We thrived in public school, and since our son has not shown us any reason for which he himself wouldn’t thrive in a public school setting, we are proud to send him to our local neighborhood public school with his neighborhood friends, learning about the community in which he lives through his local, public school. It’s right for him, and it’s right for us.
Stacie on why she chose a public school:
My girls went to public charter schools in elementary, that they got in by lottery, and now they attend a public middle and high school.
We chose this route because I was a single mother for a long time so private school and homeschooling were not an option for me as I did not have the means or time.
My youngest is going to a different middle school than her older sister, and i can tell you that even though one was smaller, the teachers and staff engaged with me the same. When my children were having problems with curriculum, the teachers contacted me, not the other way around. My youngest struggled last year and they put her in a Bridge program and now she has A’s! I have girls, so I have seen first hand the kind of conflicts that arise among teenage girls. In our experiences, the staff, especially one person in particular at my daughter’s high school, has been nothing but supportive and helpful. All in all, the public school system has been working for us because we make it work. My girls seem to be having a good time and making friends so that makes me happy.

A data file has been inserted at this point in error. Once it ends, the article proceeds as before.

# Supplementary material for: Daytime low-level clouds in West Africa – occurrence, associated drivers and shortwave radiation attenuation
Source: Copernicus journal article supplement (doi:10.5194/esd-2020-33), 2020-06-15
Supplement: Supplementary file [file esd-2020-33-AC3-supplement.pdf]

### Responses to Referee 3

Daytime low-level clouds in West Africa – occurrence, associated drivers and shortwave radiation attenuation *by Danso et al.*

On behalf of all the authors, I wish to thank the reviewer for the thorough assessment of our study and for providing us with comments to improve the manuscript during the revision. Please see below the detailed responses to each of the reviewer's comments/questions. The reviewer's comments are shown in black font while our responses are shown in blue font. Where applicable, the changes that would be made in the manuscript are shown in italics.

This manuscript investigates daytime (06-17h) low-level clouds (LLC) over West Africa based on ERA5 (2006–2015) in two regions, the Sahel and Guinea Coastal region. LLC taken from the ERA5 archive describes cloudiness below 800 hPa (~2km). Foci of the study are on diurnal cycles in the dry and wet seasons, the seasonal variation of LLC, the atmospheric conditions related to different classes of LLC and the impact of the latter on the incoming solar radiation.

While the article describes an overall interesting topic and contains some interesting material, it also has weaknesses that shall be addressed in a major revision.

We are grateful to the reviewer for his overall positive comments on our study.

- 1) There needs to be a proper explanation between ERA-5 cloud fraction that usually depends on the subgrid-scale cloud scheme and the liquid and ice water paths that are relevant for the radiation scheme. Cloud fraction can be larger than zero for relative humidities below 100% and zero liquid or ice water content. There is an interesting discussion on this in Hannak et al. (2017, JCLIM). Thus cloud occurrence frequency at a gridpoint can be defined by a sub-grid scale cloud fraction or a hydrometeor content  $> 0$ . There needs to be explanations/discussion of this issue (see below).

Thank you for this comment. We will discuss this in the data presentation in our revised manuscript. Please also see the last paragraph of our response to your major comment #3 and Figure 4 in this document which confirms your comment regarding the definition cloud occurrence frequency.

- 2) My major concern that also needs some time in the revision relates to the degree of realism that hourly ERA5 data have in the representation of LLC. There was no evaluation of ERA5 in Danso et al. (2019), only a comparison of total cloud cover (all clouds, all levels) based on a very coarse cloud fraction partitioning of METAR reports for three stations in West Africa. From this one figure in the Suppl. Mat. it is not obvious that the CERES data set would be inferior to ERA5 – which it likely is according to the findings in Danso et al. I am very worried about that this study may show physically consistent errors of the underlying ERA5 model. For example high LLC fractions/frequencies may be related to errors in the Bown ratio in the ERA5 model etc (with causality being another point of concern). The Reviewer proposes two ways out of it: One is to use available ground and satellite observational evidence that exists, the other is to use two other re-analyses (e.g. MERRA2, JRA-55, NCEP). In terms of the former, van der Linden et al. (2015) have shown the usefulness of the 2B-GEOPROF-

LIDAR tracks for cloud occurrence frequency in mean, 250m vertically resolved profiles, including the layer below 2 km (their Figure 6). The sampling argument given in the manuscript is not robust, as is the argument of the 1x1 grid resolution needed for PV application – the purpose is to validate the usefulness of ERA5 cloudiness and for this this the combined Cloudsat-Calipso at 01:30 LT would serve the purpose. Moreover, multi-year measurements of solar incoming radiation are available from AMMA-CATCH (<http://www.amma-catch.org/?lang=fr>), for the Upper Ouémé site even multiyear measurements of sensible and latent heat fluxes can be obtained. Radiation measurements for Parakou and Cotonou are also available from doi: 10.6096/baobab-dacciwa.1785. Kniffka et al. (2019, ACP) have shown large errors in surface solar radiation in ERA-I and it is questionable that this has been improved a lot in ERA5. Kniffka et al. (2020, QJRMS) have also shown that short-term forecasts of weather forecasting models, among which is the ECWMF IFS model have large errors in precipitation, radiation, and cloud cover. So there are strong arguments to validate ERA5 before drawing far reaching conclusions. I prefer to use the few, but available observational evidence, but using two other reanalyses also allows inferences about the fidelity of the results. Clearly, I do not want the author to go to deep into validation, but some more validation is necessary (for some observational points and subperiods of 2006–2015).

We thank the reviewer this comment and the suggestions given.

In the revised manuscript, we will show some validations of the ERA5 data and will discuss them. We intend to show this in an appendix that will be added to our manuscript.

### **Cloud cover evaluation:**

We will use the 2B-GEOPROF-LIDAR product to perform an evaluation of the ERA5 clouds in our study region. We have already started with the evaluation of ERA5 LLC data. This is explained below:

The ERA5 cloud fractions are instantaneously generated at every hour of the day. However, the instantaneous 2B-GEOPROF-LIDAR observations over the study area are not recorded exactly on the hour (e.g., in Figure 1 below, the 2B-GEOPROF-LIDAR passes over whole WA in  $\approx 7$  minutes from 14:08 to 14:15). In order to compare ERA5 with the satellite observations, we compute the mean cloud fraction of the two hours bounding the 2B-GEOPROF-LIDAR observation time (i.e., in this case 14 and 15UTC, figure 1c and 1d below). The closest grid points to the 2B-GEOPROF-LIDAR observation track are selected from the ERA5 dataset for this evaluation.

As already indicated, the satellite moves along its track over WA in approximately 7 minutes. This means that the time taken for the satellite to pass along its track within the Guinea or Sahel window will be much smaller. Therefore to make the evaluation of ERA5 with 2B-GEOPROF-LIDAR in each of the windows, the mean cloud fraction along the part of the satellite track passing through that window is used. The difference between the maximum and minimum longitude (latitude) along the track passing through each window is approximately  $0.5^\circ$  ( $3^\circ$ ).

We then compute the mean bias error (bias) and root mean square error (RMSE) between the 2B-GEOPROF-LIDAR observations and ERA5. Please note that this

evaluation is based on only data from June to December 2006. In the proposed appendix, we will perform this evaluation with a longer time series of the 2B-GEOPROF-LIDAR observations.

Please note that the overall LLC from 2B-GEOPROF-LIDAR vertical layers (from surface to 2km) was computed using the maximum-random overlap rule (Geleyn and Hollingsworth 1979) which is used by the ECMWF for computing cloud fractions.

Public School Out of District
We chose public school for our daughter, but we chose THE public school. We ended up choosing a school outside of our assigned district, as have most of the families in our neighborhood.
Of the eleven kids on our block, only ONE goes to our assigned school. The other ten attend five different elementary schools between them. Our assigned district has a high percentage of English learners. The school has a charter status and has earned a good reputation, but I can’t help but wonder if my bright, extremely talkative daughter might get lost among the students who are learning English.
We ended up choosing a kindergarten for our daughter that has a big focus on the arts. I grew up in public school, and it is the arts programs that have stuck with me. When I look back at elementary school, I don’t remember learning math or language concepts, but I do remember specific art projects and performances.
Public school was the right decision for our family financially. But we had the ability to choose which school within the public system, which I am fully aware is not the case for many or most families. For that reason, I almost feel as if we went the private school route.